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On June 10th, 2014 the Old Men of the Mountain met at the Country Café on Main Street in Schoharie. Interspersed throughout much of the morning conversation at one corner of the restaurant, were discussions on what Schoharie was like in the 1940s and 50s.

This was prompted by three or four of the OFs who were sitting by the window of the restaurant which looks out across the street to the Court House, and the Parrott House. The OFs remembered the movies in the street, setting pins in the bowling alley, and, at that time, the Parrott House was the place to be seen. A couple of the OFs remembered the Glass Bar, but that will be that ─ let it be said that there was a place called the Glass Bar.

The village has changed, the Parrott House has changed, and the times have changed, but really nothing has changed. The OFs are still sitting and eating, getting out of their vehicles, and walking within the same five thousand or so square feet of the planet they did umpteen, ump years ago, even though most have been all over the country, and some all over the world; here they are just like salmon, back to the same dirt on the bottom of their shoes that they had there when they started their travels.

Our discussion on the history of Schoharie (as the OFs remember it) only goes back 60, or maybe 70 years ago. Not a history like history books, nonetheless, first-hand accounts of the past. The proposed work that is going to be done at the intersection of Routes 443 and 156 is what prompted the next conversation. The hamlets of Knox, Berne, West Berne, and Gallupville were bustling little communities with hotels, stores, gas stations, restaurants, and tourist destinations like White Sulphur Springs in Berne, most just memories now.

The OFs mentioned that this was the year of the dandelion. Now, at least in the valley of Schoharie and the Hilltowns, it is also the year, so far, of green and phlox ─ these wild flowers are everywhere.

The OFs do not know how many remember the ice cream destination of “Dutcher’s”. This was a place outside of Altamont on Route 158, not far from the reservoir, where the proprietors of Dutcher’s made their own ice cream. It is now the home of The Elegant Touch catering service. Many of the OFs remember going there in the 1950s and 60s and the amount of ice cream that was dished out. One OF remembered the banana splits, and claimed that was a meal. It wasn’t only the quantity ─ but the quality ─ similar to the Bears restaurant, one OF said. Dutcher’s still remains one of the many ‘gone but not forgotten’ places that were pluses in the realm of the OFs.

The topic which comes up quite often with the OFs is our grandchildren. One OF has a relatively new grandchild and it his first. It was obvious how tickled he is, however, he sat across from another OF that has eighteen grandchildren! The new grandfather has a lot of catching up to do.

Talking about kids one OF noticed how another OF came in and sat down. This OF sat down with a plump ─ he just dropped into the chair. This was not because the sitting OF wanted to, but with OF knees, hips, backs and legs, many times this is the only way to accomplish the maneuver. Getting up out of the chair is not much easier either, there has to be a darn sturdy table at the ready to push on in order to become elevated.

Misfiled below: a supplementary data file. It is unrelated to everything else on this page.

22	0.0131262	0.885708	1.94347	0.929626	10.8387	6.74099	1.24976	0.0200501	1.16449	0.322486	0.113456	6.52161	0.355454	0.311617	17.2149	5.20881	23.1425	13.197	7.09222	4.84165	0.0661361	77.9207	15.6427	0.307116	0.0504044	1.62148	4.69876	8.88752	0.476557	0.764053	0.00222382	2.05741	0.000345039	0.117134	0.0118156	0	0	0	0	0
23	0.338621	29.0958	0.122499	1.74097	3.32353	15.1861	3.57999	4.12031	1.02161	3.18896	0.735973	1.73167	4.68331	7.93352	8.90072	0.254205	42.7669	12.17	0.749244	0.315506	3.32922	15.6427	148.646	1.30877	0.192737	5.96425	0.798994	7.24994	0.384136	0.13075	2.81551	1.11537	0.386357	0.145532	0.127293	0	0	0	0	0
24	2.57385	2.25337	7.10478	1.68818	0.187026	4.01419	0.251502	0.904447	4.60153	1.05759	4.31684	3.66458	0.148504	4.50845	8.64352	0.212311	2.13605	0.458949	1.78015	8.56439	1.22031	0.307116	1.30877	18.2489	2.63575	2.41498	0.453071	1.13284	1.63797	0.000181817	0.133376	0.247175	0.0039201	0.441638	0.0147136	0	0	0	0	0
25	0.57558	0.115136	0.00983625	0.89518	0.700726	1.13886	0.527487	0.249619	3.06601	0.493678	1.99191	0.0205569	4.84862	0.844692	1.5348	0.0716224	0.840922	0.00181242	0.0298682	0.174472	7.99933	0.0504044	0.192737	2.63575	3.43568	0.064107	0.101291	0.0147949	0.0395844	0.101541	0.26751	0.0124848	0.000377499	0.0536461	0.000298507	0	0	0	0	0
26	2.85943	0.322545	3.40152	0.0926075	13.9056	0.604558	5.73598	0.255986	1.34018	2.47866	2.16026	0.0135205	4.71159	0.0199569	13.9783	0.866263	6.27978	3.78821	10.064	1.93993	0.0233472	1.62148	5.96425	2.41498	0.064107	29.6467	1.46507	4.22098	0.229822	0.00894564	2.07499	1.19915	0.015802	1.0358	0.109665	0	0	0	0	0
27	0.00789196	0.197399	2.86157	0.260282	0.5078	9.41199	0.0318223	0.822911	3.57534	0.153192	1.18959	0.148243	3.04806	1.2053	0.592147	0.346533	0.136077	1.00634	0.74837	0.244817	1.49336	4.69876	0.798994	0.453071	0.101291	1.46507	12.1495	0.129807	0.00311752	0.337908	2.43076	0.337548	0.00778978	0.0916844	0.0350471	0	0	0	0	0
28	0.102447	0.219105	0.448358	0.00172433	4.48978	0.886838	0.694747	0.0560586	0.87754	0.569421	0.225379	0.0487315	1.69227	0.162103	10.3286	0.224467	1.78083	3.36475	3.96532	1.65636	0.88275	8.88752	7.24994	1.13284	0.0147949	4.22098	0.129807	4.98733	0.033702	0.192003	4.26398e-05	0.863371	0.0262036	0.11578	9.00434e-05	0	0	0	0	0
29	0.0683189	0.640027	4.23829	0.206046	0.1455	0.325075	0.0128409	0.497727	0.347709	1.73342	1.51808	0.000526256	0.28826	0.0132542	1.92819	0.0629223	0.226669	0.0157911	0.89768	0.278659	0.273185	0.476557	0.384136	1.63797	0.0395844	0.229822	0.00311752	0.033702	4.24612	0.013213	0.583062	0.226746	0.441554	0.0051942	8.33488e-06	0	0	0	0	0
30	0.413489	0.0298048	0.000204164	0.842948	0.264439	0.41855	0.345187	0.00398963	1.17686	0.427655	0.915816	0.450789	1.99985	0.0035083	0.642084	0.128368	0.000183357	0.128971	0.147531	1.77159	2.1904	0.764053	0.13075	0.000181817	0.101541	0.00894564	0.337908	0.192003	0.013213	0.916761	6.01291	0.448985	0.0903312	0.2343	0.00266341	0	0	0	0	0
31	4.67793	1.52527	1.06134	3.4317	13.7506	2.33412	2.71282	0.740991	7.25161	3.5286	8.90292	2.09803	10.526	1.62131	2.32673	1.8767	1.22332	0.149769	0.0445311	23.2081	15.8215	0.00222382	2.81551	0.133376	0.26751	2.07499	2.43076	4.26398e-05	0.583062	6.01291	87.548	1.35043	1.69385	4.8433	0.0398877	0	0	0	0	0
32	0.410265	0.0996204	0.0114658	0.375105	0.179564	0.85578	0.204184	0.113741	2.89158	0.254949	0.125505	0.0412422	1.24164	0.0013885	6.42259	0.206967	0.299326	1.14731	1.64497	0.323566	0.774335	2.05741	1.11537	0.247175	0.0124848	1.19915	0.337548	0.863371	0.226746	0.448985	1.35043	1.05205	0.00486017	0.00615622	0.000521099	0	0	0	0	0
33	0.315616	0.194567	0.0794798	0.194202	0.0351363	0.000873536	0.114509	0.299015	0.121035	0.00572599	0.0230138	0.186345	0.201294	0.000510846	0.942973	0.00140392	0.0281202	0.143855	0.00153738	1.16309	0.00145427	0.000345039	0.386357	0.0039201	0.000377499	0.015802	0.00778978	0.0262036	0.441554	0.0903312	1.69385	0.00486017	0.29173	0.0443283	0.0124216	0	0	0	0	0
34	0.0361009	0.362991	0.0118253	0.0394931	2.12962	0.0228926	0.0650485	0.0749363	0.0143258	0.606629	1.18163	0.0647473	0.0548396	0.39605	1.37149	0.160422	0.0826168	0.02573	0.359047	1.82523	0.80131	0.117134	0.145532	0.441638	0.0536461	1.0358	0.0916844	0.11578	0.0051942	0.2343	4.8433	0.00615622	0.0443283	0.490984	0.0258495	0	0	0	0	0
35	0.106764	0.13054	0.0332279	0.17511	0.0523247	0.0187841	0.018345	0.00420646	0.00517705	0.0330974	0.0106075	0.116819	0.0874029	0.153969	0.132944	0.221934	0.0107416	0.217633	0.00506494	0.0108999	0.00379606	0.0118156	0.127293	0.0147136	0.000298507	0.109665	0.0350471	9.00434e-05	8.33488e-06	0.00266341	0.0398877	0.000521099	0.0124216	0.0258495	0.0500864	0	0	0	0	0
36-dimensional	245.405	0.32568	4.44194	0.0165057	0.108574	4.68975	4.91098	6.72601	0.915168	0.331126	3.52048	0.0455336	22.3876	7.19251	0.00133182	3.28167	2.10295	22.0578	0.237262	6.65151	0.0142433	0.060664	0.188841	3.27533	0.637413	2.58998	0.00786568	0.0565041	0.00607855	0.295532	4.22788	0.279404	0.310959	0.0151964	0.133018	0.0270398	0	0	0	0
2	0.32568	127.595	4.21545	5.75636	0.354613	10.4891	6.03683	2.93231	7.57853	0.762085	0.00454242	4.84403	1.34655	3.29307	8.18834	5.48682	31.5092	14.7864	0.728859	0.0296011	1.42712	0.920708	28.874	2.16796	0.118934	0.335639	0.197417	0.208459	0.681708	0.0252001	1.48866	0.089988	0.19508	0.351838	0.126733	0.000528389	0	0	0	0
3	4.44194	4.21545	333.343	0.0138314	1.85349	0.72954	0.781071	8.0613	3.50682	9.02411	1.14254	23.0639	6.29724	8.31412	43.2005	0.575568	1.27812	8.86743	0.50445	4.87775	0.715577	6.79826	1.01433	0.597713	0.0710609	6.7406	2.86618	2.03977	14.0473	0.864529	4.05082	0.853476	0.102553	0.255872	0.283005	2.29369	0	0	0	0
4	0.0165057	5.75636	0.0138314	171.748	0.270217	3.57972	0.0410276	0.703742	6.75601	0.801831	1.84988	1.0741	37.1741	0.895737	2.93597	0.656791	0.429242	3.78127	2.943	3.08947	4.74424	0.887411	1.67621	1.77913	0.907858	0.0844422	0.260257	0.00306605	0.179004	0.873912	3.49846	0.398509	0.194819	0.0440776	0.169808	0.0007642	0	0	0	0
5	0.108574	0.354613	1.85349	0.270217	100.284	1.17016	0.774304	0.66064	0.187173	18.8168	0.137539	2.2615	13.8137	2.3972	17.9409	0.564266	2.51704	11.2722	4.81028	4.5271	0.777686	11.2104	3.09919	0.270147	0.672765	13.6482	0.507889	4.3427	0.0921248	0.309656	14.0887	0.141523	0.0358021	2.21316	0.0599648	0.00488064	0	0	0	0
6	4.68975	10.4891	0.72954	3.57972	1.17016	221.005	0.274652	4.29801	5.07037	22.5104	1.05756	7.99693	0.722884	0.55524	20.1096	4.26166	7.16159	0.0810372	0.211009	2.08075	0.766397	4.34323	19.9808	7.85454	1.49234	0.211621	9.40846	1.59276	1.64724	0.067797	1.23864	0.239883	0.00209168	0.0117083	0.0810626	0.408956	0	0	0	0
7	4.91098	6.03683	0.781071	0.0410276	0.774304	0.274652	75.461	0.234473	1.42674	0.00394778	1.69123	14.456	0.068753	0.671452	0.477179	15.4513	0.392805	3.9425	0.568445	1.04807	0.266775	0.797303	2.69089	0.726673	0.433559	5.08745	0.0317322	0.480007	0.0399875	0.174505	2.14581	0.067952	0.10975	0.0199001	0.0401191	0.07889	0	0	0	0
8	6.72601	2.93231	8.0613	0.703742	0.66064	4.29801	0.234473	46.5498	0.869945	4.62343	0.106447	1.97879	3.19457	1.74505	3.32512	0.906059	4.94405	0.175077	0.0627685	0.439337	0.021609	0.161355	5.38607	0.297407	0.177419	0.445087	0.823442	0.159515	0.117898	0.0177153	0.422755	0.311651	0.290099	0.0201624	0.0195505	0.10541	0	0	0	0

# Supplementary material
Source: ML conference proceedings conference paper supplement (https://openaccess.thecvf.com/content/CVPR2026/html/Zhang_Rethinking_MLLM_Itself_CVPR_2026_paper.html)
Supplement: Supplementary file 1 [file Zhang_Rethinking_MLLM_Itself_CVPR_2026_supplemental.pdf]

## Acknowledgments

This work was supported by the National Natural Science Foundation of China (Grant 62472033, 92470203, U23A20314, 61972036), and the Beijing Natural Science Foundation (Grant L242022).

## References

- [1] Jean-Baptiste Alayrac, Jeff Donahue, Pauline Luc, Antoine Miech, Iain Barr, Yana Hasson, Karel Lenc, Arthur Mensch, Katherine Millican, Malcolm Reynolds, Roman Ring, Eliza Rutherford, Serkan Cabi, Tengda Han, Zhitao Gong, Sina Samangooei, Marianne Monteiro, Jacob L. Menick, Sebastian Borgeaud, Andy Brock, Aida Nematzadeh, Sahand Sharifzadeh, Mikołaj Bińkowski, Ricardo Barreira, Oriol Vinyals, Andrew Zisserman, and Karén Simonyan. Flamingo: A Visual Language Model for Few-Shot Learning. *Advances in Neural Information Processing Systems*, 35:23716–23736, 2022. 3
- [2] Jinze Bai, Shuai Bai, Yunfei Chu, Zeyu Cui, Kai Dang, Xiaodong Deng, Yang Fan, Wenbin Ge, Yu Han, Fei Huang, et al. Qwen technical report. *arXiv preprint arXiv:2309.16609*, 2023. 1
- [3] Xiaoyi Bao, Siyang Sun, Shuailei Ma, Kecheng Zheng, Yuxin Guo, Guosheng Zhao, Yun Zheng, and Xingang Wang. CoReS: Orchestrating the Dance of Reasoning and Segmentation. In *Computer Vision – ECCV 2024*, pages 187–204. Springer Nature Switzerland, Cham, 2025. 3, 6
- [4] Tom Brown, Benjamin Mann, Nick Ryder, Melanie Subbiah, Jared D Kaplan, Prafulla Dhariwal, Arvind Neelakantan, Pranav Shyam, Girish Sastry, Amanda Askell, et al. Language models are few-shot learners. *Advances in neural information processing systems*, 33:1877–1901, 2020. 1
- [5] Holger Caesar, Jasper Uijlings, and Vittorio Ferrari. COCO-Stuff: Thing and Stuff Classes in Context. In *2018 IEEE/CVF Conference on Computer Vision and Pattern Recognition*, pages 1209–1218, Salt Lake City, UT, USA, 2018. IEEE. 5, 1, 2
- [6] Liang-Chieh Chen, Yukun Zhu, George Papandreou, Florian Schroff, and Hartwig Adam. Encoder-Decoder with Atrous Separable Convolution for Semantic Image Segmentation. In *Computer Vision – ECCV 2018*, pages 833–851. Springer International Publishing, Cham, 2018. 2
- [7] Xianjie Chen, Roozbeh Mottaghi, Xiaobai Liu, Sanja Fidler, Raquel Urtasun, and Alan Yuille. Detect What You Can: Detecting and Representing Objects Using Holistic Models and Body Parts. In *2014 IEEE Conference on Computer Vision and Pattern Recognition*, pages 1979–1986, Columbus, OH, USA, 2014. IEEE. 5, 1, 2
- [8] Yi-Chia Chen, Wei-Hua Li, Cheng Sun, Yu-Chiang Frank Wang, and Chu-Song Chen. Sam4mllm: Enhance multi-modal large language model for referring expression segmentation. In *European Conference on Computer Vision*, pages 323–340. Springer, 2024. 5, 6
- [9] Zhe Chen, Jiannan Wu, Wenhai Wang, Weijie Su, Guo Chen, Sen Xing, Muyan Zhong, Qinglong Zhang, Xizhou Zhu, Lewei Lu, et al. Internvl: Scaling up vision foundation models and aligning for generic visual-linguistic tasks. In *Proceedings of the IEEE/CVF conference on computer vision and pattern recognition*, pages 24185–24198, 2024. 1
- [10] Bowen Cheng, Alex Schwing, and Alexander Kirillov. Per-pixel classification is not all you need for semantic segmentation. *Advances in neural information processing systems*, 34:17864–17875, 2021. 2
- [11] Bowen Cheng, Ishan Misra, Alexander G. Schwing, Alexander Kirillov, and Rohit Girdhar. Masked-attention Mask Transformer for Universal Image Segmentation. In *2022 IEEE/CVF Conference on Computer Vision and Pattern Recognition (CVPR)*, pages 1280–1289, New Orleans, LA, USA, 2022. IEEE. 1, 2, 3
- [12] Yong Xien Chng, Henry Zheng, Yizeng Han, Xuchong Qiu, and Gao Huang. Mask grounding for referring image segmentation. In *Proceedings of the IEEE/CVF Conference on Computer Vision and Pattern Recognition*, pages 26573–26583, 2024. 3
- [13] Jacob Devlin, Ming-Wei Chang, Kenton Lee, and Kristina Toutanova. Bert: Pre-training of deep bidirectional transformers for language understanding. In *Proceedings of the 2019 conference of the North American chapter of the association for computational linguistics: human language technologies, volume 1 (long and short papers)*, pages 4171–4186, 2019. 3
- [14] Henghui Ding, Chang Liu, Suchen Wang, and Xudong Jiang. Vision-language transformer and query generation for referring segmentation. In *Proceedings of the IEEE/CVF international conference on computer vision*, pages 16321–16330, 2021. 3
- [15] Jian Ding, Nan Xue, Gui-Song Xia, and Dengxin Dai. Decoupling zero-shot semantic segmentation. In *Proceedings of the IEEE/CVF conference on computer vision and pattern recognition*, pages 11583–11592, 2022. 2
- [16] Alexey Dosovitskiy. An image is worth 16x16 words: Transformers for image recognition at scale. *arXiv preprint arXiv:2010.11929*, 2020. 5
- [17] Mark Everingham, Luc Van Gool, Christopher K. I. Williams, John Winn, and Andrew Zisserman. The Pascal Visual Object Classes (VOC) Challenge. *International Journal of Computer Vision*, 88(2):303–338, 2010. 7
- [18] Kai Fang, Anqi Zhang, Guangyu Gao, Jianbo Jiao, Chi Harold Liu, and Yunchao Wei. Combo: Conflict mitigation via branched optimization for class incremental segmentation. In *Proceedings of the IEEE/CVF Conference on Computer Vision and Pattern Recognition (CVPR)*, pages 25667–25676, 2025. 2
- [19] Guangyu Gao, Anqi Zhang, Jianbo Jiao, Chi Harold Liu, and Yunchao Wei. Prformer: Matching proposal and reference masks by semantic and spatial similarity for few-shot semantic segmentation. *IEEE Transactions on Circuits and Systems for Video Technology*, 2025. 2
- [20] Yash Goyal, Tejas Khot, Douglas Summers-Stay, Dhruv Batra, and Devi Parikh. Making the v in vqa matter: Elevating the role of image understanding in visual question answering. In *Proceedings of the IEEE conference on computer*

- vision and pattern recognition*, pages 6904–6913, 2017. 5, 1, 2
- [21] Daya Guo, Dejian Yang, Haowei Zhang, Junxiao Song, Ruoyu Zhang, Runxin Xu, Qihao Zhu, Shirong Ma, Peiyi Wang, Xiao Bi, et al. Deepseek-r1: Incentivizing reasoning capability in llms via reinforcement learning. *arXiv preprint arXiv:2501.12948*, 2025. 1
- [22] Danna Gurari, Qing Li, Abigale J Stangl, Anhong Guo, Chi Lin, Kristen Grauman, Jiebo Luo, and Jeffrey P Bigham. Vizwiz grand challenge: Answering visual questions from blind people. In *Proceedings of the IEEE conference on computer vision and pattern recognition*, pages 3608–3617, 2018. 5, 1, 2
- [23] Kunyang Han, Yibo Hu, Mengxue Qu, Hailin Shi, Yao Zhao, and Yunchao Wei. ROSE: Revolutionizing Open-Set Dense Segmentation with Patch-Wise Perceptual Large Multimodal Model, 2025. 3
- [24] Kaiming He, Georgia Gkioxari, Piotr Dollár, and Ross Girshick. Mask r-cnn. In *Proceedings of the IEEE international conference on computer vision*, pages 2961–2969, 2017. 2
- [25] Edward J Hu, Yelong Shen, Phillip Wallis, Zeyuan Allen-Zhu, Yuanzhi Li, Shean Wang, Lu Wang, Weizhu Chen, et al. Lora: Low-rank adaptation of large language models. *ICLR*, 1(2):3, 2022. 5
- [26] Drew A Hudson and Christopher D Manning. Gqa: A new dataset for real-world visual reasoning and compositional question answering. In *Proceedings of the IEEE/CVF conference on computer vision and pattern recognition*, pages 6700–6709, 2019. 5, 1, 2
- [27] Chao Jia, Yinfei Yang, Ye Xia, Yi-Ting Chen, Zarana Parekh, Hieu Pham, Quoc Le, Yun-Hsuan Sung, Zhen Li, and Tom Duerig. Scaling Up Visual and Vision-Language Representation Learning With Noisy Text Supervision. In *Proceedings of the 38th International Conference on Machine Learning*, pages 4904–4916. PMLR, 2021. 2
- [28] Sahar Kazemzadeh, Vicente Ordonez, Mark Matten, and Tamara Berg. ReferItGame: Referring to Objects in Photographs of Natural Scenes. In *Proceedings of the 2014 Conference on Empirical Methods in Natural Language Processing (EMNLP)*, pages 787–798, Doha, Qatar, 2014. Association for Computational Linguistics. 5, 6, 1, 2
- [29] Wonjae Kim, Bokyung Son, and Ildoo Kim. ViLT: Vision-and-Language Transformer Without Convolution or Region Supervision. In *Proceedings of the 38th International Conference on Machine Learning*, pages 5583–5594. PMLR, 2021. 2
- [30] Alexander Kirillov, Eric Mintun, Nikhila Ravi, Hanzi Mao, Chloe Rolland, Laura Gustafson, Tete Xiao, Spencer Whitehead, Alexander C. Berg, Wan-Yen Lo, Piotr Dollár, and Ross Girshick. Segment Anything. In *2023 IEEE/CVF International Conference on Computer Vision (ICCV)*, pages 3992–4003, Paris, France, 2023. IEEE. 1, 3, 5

The OFs remember telling their kids to sit without plopping into a chair or couch. They remember telling their kids the furniture in not a trampoline. One OF mentioned he remembered his parents telling him the same thing that he harangued his kids for. Now that the OF is of the age he is, he has a tendency to fold and plop, and then hope he can get back up.

Some of the OFs discussed the horse race at Belmont (and the rant about the Triple Crown that came up after the race). The OFs are in agreement with the co-owner of California Chrome, but not quite how he handled it. One OF mentioned that the owner was not one of the high-class horse-owner mucky-mucks. He seemed to be more of a people person just like the OFs are who speak their mind (while not always politically correct) yet they are more honest most of the time.

The OFs also covered another current topic…chickens and chickens as pets! Chickens make good pets, and are better as a teaching tool for your kids than cats or dogs. Chickens make far less noise than some yappy little poodle that barks all day. Clucking hens are very relaxing similar to a purring cat. Who hasn’t been startled out of bed by a cat fight right outside your bedroom window? Talk about noise! Any pet takes a lot of care no matter what it is, even if it is a pot bellied pig, or miniature horse, they all have to be looked after. One OF said he has a large pet that needs a lot of looking after, and nobody complains about that. It is called a wife.

Those attending the breakfast at the Country Café in Schoharie and really filling up the place with good old Hilltown and Valley dirt were: Dave Williams, Bill Bartholomew, Jim Heiser, Otis Lawyer, Roger Shafer, Steve Kelly, Karl Remmers, Dick Ogsbury, Harold Guest, Frank Pauli, John Rossmann, Robie Osterman, George Washburn, Glenn Patterson, Mark Traver, Roger Chapman, Jay Taylor, Bob Benac, Art Frament, Herb Sawotka, Miner Stevens, Lou Schenck, Mace Porter, Bill Krause, Ted Willsey, Bob Lassome, Jim Rissacher, Henry Whipple, Mike Willsey, Gerry Chartier, Harold Grippen, Elwood Vanderbilt, and me.

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